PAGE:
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How Do I Use Serial Communication in Visual Basic (Specifically v6.0)?
I want to control a serial instrument using Visual Basic. How can I do this?
First, it is strongly suggested that anyone wanting to control a serial instrument consider using NI-VISA (available with Measurement Studio). If this is not an option, it is still possible to interface to a serial port in Visual Basic (the comments here are using Visual Basic 6.0). Serial communication in Visual Basic is done by using the MSComm component. Full documentation and examples with the MSComm component can be found in the Microsoft Developer Network. Here are some common issues which may occur when using Visual Basic for serial instrument control.
- Q: How do I add an MSComm component to my program?
A: In Visual Basic 6.0: right click the toolbox and select "Components". Check "Microsoft Comm Control 6.0" and click "OK". Place a MSComm control (it looks like a phone) on your form (it will be invisible at runtime). You can name the control if you like, the default name is MSComm1.
- Q: What properties of the MSComm component should I use?
A: The MSComm control is used by modifying and reading the object properties. Some of the useful ones are:
|This property can be used to set or return the comm port being used.|
|This property contains a string which specifies the communications settings of the port. The string is in the form "baud,parity,data bits,stop bits". For example the string "9600,N,8,1" corresponds to 9600 baud, no parity, 8 data bits, and 1 stop bit.|
|This property sets the handshaking mode for communication, a list of available constants should come up when it is used.|
|This property sets the number of characters that are read every time the input property is accessed. Setting this property to 0 will read tell MSComm to read all available data.|
|This can be used to set or retrieve the status of the port. Use this property to open and close serial sessions.|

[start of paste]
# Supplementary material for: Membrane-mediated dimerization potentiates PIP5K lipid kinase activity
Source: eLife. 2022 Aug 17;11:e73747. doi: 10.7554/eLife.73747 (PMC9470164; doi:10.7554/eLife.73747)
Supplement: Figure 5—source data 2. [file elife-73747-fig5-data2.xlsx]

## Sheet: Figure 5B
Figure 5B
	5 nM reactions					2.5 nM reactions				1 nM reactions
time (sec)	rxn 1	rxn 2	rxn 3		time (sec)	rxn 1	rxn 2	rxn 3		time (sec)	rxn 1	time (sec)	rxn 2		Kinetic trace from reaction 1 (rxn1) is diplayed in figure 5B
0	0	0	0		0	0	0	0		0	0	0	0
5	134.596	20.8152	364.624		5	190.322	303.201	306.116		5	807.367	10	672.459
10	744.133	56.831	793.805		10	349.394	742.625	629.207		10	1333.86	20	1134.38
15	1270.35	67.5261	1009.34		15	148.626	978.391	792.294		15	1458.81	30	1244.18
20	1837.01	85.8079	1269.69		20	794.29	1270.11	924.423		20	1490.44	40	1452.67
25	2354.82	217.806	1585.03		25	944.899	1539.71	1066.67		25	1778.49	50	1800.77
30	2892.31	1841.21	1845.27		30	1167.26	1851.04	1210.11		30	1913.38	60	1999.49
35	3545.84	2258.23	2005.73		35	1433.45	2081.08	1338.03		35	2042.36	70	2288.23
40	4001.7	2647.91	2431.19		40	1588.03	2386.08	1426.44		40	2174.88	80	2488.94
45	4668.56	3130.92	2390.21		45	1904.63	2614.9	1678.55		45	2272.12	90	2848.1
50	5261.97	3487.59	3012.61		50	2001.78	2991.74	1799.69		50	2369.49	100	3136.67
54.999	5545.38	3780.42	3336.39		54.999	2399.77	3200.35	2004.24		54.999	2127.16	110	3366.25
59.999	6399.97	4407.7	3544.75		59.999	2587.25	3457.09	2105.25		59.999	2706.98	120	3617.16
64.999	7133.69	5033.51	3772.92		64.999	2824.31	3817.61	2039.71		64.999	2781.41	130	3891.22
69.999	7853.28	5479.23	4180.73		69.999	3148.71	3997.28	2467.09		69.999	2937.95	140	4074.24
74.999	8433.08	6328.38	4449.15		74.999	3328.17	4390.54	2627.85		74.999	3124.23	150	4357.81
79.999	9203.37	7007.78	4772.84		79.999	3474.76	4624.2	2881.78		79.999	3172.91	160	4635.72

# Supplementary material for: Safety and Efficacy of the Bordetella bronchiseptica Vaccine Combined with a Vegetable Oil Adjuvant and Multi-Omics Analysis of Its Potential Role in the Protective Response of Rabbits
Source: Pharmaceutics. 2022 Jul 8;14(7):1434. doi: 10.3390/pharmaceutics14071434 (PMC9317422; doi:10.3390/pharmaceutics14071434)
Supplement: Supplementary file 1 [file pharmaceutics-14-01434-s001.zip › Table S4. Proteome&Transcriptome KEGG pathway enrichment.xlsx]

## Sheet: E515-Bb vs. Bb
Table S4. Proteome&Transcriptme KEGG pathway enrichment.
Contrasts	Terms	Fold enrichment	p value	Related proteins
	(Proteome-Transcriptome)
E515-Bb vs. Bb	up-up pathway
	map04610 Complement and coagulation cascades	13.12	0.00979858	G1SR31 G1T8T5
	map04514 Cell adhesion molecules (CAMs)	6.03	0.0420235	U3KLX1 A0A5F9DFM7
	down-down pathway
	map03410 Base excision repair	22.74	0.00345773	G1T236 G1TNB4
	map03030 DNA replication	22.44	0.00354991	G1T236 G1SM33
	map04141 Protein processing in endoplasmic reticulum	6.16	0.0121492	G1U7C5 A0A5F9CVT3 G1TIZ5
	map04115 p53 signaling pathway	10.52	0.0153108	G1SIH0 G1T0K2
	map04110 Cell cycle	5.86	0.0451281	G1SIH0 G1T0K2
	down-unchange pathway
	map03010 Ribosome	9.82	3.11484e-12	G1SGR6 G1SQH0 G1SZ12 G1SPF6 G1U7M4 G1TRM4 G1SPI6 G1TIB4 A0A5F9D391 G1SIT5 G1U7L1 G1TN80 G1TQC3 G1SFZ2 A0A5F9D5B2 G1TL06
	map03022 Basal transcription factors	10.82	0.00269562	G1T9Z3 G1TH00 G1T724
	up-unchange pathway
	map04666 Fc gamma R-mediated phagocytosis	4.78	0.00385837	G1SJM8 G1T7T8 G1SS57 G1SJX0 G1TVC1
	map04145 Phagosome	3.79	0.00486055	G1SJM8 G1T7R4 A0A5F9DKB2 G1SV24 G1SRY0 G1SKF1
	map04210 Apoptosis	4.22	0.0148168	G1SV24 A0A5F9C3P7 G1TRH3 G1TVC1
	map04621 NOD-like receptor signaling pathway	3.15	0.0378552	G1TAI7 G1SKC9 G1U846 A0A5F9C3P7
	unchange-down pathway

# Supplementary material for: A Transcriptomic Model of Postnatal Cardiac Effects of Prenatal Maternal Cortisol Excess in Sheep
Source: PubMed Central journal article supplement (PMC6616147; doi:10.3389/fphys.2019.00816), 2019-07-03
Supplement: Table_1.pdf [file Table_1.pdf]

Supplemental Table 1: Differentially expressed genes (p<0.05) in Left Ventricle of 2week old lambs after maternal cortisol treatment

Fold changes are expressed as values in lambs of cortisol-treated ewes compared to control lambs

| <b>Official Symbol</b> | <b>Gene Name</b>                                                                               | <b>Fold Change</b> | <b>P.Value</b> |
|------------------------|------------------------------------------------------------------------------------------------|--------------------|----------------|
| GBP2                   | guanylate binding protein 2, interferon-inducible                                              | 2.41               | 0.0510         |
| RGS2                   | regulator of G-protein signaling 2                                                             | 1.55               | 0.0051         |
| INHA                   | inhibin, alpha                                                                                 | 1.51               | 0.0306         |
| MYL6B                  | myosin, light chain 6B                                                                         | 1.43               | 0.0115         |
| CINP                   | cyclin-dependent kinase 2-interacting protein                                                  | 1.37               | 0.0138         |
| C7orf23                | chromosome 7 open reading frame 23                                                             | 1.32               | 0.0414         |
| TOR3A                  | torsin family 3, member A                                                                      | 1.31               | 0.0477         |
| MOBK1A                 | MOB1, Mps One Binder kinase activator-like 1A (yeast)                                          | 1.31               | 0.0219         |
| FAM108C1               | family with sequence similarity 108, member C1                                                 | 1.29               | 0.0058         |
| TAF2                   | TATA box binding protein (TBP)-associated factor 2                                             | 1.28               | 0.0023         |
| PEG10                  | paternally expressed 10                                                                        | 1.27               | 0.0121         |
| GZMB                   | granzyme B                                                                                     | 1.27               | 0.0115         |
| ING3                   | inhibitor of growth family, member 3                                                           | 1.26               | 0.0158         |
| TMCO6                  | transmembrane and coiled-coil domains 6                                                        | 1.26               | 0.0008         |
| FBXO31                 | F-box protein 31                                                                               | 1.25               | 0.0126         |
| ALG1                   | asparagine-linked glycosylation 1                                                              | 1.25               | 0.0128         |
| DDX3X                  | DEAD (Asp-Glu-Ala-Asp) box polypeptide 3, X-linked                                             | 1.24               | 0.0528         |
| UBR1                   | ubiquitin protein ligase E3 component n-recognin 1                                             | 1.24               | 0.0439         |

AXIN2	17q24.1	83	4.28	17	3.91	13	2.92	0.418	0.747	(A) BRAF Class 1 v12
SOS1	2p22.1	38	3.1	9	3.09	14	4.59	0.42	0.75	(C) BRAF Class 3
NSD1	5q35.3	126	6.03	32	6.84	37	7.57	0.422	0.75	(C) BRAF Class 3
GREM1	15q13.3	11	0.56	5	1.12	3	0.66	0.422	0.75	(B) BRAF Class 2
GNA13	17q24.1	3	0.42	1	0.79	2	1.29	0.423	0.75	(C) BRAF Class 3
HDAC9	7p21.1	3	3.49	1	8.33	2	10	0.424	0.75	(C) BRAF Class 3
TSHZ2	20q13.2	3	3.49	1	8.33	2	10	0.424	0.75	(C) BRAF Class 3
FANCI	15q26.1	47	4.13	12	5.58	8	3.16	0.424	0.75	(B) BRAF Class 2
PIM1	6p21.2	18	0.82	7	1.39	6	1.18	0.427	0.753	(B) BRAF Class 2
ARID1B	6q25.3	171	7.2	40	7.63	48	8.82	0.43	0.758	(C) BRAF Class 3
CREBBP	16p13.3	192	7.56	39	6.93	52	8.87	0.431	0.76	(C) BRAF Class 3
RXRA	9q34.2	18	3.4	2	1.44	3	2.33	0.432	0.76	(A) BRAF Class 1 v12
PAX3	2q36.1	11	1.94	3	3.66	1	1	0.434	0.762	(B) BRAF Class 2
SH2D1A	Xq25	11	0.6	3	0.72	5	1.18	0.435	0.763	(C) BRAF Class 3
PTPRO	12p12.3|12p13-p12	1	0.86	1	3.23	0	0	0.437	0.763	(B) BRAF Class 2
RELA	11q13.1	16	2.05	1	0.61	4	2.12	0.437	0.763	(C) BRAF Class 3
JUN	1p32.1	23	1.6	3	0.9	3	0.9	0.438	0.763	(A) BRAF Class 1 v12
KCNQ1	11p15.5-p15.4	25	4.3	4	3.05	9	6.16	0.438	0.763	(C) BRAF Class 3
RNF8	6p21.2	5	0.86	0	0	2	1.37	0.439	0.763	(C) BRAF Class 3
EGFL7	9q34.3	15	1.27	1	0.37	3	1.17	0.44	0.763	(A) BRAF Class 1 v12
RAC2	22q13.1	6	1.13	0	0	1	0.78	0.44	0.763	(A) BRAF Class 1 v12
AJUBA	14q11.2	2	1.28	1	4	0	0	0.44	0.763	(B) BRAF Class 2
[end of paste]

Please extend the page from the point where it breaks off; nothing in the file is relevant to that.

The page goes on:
|Accessing this property reads |
InputLen bytes from the buffer and then clears them from the buffer.
|Setting this property sends a command to the serial port.|
|This property returns the number of bytes currently in the buffer.|
- Q: How do I send carriage returns and line feeds in Visual Basic?
A: Visual Basic has a string constant called
vbLf for line feed, a string constant called
vbCr for carriage return, and a
vbCrLf constant, which sends both. You can concatenate strings using the
- Q: Why is the serial port sending data to my instrument, but not receiving responses?
A: Make sure that you are sending the proper termination character (usually
vbCr) and that you have the proper handshaking mode enabled.
- Q: Why am I receiving some data from the instrument, but not as much as I should be?
A: You may need to give the instrument time to respond. If you know how many bytes you are expecting, you can use a while loop and the
InBufferCount property to wait until the buffer has the expected amount of data. Alternately, you can use variables of the
Date data type with the
Now value and the
DateDiff function to wait for a specified period of time.
- Q: How do I parse responses in VB?
A: The best way to parse responses is to read them one character at a time by setting
InputLen = 1 and check for separators as you go. You can add each byte to a buffer if it is not a separator. If placed in a while loop this should eliminate any timing issues as well as parsing the data.
External Link: Microsoft Developer Network
Developer Zone Tutorial: Visual Basic 6.0 and .NET in Instrument Control
Report Date: 09/18/2003
Last Updated: 11/14/2012
Document ID: 31HBCB1P